5.9 Diesel - garaqge stored in Interior Alaska so AC not used in winter. I had it looked at and was advised the TIPM was bad. I'm trying to figure out how this could be as the TIPM looks like a fuse box to me. All systems appear to work nomally just no cold air.
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Re: AC does not work
The TIPM is a "totally integrated power module" and controls several items on the vehicle. The fuse box that you are looking at is the TIPM. It can cause the a/c to be nonfunctional. However, with out actually looking at your vehicle I cannot say if they are correct in their diagnostics.
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use a 10/40 petrol/diesel synthetic oil and change every 6000miles with a oil filter every third oil change .if in alaska or norway then use a 5/30 in the winter ,for more temperate climes use the 10/40 ,here in spain in the summer i use 20/50 for my jaguar
Sounds like you have a bad fuse, and or maybe a bad relay in your dash panels. Start by looking up the fuses that affect your sunroof, then work out to the other issues. On my Ford, there is a bad relay that affects my power windows, my radio, and my interior lights. Sometimes more than one fuse is related to a system, so check all the fuses before trying relays.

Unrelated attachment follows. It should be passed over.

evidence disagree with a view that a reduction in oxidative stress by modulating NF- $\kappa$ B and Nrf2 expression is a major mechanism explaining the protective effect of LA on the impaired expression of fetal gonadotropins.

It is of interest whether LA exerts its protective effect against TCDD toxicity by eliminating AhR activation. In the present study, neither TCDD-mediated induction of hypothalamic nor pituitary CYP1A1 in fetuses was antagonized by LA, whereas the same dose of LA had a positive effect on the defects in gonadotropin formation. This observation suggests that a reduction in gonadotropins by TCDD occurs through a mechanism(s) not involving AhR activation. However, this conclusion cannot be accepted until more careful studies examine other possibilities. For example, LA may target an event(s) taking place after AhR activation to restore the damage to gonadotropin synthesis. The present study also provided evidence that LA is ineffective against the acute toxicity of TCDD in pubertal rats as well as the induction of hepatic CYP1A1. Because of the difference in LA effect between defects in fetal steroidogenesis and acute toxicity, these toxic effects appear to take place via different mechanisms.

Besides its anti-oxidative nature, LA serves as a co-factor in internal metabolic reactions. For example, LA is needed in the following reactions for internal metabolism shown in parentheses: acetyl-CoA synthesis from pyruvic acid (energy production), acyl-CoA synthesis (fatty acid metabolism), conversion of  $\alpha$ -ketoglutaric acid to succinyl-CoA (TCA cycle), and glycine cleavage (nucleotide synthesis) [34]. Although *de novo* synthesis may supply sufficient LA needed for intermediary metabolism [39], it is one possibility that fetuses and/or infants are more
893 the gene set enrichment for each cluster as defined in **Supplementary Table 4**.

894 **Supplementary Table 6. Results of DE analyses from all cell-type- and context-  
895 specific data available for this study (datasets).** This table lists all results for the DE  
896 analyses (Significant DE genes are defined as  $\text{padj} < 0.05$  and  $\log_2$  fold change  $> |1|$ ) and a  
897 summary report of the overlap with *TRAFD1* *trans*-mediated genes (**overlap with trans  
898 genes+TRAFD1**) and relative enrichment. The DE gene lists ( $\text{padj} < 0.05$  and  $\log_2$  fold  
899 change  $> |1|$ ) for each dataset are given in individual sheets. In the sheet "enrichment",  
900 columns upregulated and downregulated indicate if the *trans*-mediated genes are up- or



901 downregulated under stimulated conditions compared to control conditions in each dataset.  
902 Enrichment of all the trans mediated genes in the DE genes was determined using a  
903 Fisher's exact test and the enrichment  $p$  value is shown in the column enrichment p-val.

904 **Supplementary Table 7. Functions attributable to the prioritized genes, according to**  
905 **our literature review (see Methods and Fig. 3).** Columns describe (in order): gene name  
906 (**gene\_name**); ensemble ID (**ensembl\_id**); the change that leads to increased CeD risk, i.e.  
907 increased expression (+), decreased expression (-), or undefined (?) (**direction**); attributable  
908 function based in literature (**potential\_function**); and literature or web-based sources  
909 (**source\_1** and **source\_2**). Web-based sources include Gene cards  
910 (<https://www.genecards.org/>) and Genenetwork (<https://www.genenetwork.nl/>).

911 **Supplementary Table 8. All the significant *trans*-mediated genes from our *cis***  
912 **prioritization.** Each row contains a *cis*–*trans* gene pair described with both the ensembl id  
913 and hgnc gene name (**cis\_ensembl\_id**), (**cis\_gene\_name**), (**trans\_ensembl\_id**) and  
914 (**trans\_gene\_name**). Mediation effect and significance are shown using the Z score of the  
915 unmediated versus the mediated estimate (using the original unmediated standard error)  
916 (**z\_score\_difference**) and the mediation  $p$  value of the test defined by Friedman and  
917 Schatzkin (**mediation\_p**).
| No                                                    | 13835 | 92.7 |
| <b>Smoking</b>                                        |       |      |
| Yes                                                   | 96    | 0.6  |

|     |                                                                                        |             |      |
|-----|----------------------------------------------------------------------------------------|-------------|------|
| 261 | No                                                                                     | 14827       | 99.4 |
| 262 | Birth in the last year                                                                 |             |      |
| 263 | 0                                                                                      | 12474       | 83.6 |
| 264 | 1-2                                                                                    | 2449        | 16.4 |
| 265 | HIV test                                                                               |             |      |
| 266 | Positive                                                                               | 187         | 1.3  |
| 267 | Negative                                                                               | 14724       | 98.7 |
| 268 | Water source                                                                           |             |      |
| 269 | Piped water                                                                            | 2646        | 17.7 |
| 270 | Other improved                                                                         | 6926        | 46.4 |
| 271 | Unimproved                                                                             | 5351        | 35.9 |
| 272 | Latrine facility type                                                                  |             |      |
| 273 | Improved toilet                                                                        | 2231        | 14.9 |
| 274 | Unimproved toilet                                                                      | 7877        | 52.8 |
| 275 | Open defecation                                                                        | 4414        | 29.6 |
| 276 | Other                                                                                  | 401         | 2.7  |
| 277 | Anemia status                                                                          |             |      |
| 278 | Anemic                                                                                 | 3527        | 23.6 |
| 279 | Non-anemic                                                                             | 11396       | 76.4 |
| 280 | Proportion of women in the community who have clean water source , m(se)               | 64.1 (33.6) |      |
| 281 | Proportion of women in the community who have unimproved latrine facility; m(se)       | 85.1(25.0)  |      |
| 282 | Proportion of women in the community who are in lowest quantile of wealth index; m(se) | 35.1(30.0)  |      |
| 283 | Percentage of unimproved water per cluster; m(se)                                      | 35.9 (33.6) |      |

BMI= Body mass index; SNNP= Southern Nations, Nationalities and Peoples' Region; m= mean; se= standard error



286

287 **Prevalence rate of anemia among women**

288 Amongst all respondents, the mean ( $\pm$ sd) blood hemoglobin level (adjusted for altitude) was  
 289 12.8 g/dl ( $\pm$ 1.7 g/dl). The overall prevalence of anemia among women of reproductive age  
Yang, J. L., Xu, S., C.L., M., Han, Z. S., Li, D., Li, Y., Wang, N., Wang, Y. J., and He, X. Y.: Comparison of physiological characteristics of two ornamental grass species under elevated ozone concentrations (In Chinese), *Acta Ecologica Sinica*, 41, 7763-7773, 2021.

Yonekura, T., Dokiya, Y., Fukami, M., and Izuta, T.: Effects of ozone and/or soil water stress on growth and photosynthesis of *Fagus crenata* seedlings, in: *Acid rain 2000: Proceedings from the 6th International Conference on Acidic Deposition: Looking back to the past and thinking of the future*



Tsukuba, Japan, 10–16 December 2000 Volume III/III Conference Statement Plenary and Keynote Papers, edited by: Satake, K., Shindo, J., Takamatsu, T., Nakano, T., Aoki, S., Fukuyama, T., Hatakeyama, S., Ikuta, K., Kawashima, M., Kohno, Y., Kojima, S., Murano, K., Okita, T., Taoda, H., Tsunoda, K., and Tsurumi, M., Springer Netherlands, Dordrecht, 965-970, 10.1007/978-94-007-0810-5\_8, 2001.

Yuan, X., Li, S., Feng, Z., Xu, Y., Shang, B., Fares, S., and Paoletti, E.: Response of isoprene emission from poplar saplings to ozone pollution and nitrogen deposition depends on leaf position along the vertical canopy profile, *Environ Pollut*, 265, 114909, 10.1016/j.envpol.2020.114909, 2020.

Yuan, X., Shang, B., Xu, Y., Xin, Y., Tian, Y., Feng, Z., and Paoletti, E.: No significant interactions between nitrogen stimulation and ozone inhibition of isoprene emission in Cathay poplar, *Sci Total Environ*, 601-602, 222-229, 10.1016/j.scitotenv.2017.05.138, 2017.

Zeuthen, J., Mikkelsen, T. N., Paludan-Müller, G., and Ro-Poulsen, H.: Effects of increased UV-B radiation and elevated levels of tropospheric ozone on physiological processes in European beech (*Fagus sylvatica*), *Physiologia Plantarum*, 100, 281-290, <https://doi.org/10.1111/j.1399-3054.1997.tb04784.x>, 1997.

Hello, Thank you for letting me assist you. Let's look at your problem. I don't see a year or model for your vehicle so I will assume it is 1990 or newer. Manufacturers for some reason setup the defroster setting to activate the AC compressor regardless of what you have the temperature setting set to anytime it is turned on. This becomes problematic in some regions. I know when I drive through Pennsylvania during the winter I had to change my windshield washer fluid from cleaner to a 50 /50 mix of cleaner and alcohol/deicer fluid in order to stop the icing on my windows. Your problem though, as I understand your post, is there is ice forming on the inside of the vehicle.